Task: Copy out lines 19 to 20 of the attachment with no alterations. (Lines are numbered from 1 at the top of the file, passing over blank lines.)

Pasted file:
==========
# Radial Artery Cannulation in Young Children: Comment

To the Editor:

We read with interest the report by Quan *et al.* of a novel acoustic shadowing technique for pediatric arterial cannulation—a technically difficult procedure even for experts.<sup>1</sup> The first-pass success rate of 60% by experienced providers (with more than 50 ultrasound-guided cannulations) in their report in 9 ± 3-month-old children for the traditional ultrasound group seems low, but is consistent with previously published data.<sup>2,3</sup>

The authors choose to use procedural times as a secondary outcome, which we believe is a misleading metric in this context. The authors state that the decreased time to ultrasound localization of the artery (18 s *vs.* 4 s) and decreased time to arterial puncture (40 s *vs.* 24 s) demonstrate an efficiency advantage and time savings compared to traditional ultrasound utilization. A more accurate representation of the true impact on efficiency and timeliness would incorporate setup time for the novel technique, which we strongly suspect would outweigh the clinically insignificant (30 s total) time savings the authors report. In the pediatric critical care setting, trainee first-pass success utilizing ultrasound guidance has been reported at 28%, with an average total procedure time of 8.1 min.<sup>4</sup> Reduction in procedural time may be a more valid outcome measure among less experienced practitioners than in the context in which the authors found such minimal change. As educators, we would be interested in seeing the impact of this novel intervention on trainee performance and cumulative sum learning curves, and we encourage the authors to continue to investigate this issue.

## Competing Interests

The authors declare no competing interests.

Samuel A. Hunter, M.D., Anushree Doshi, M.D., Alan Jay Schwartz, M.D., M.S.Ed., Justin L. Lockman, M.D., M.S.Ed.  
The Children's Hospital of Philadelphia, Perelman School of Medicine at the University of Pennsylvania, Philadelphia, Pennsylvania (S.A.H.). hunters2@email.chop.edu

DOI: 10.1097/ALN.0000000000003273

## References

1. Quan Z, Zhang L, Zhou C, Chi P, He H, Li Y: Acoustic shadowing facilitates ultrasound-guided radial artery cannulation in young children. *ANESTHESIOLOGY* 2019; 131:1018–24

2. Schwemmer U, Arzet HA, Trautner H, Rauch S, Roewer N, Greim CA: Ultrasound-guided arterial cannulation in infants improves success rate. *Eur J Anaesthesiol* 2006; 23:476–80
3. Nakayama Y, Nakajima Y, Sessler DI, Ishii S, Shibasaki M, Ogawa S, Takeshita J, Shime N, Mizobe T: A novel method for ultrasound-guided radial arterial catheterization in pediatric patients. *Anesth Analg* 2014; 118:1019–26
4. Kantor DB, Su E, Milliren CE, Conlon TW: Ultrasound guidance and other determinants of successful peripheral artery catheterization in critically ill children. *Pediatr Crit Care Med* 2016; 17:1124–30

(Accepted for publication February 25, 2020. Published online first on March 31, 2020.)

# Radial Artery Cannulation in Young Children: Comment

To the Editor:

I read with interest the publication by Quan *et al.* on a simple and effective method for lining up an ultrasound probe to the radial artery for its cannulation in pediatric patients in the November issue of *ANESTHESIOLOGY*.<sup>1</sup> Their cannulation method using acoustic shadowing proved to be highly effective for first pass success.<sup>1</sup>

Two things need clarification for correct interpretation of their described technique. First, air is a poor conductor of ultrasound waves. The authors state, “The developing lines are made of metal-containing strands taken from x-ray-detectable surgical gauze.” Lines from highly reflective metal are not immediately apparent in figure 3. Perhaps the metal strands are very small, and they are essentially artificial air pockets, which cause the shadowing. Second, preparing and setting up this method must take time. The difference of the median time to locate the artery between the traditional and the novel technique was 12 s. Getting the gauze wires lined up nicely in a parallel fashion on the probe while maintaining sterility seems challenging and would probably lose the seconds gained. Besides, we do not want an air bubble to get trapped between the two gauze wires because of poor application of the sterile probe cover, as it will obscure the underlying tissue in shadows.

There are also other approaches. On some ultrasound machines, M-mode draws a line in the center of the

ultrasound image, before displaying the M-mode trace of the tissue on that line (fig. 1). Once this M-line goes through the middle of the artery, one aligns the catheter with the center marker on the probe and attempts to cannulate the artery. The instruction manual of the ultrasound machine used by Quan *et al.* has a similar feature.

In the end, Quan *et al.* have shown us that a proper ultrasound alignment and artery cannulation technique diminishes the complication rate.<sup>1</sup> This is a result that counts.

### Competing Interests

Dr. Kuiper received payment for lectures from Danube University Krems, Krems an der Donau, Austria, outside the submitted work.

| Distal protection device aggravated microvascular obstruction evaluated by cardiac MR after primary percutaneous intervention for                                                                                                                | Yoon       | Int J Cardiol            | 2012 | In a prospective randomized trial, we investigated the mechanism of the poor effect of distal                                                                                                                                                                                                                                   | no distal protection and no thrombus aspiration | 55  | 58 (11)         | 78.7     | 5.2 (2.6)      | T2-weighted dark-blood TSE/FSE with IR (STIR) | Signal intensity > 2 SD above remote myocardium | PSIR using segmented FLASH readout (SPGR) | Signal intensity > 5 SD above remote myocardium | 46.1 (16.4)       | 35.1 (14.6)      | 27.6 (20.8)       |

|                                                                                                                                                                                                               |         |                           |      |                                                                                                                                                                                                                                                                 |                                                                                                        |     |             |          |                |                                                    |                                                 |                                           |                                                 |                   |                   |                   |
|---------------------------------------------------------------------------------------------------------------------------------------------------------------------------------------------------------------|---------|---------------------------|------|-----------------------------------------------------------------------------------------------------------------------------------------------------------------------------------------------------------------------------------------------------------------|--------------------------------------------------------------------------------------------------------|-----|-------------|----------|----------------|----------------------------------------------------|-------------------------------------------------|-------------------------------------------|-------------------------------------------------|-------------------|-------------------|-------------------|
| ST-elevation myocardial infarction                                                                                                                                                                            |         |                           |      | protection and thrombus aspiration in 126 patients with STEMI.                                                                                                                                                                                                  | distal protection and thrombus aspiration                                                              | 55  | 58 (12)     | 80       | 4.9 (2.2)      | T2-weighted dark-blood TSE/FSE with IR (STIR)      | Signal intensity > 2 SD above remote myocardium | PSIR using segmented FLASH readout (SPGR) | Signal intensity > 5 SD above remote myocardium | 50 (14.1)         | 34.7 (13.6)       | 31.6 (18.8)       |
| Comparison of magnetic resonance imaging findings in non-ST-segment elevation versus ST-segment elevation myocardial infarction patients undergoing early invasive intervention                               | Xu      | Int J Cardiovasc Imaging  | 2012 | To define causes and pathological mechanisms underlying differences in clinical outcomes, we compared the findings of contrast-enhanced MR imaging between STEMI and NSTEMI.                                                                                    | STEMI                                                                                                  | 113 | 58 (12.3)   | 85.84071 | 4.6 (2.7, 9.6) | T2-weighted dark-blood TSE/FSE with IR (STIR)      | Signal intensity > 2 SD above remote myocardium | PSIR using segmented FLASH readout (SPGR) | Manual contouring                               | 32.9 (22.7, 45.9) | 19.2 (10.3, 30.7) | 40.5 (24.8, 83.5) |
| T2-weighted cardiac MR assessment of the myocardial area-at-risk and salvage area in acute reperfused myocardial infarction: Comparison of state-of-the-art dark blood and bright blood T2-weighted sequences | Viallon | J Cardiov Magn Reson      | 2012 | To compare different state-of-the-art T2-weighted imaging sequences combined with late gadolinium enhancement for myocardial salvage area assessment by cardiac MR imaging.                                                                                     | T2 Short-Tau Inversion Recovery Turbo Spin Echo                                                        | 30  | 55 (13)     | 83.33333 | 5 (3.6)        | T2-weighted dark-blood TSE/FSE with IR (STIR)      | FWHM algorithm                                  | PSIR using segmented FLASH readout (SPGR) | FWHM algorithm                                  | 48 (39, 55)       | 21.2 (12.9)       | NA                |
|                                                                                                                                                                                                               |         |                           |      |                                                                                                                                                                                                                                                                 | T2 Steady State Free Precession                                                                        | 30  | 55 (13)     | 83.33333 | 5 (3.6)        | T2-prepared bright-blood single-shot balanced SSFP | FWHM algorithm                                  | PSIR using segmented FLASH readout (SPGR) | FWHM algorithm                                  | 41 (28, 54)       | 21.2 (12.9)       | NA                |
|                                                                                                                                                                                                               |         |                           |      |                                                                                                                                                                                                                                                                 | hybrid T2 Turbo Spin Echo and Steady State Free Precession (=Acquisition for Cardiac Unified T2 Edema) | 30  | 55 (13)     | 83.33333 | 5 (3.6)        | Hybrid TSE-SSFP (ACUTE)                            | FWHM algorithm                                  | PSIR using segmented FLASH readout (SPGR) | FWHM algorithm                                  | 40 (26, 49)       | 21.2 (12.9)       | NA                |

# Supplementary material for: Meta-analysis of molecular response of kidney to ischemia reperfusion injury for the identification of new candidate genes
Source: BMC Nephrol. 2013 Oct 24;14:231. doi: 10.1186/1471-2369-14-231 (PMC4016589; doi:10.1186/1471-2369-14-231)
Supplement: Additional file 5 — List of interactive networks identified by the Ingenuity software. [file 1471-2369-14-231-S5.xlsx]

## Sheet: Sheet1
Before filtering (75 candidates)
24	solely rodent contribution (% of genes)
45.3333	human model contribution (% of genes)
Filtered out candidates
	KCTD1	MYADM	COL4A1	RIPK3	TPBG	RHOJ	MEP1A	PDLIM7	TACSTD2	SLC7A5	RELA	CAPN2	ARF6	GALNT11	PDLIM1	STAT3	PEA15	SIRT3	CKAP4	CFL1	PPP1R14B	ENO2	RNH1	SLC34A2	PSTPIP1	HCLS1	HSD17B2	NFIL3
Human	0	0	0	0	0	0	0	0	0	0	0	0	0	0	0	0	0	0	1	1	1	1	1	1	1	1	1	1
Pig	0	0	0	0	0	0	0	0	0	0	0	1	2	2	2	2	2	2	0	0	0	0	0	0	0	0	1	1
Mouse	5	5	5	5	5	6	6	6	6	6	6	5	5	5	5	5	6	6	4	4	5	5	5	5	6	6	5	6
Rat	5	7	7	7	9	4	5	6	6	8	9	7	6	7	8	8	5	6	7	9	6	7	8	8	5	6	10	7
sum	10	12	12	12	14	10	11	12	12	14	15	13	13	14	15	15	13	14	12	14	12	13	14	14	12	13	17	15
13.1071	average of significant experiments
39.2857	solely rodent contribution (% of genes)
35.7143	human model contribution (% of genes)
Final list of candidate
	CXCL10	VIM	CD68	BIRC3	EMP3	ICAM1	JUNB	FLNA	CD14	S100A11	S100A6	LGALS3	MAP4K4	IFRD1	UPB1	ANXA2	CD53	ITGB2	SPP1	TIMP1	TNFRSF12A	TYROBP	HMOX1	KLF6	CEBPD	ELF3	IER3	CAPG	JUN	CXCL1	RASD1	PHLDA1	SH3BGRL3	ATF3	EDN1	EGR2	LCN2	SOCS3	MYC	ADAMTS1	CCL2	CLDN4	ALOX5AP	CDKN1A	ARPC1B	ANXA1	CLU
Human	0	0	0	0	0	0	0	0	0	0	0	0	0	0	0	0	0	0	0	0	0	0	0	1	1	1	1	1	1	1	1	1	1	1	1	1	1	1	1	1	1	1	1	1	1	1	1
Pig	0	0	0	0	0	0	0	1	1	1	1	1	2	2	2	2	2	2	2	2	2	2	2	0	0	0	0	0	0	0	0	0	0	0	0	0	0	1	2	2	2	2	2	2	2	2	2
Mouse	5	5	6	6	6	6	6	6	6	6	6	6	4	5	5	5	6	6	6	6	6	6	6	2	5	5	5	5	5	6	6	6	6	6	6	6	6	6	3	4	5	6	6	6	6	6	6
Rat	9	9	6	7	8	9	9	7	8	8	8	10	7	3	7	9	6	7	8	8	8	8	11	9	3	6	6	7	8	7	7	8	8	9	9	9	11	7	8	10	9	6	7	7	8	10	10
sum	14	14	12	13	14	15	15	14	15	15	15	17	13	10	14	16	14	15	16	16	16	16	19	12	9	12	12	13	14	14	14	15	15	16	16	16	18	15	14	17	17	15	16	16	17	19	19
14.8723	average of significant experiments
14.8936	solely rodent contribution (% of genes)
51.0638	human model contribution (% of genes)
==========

Two things need clarification for correct interpretation of their described technique. First, air is a poor conductor of ultrasound waves. The authors state, “The developing lines are made of metal-containing strands taken from x-ray-detectable surgical gauze.” Lines from highly reflective metal are not immediately apparent in figure 3. Perhaps the metal strands are very small, and they are essentially artificial air pockets, which cause the shadowing. Second, preparing and setting up this method must take time. The difference of the median time to locate the artery between the traditional and the novel technique was 12 s. Getting the gauze wires lined up nicely in a parallel fashion on the probe while maintaining sterility seems challenging and would probably lose the seconds gained. Besides, we do not want an air bubble to get trapped between the two gauze wires because of poor application of the sterile probe cover, as it will obscure the underlying tissue in shadows.

There are also other approaches. On some ultrasound machines, M-mode draws a line in the center of the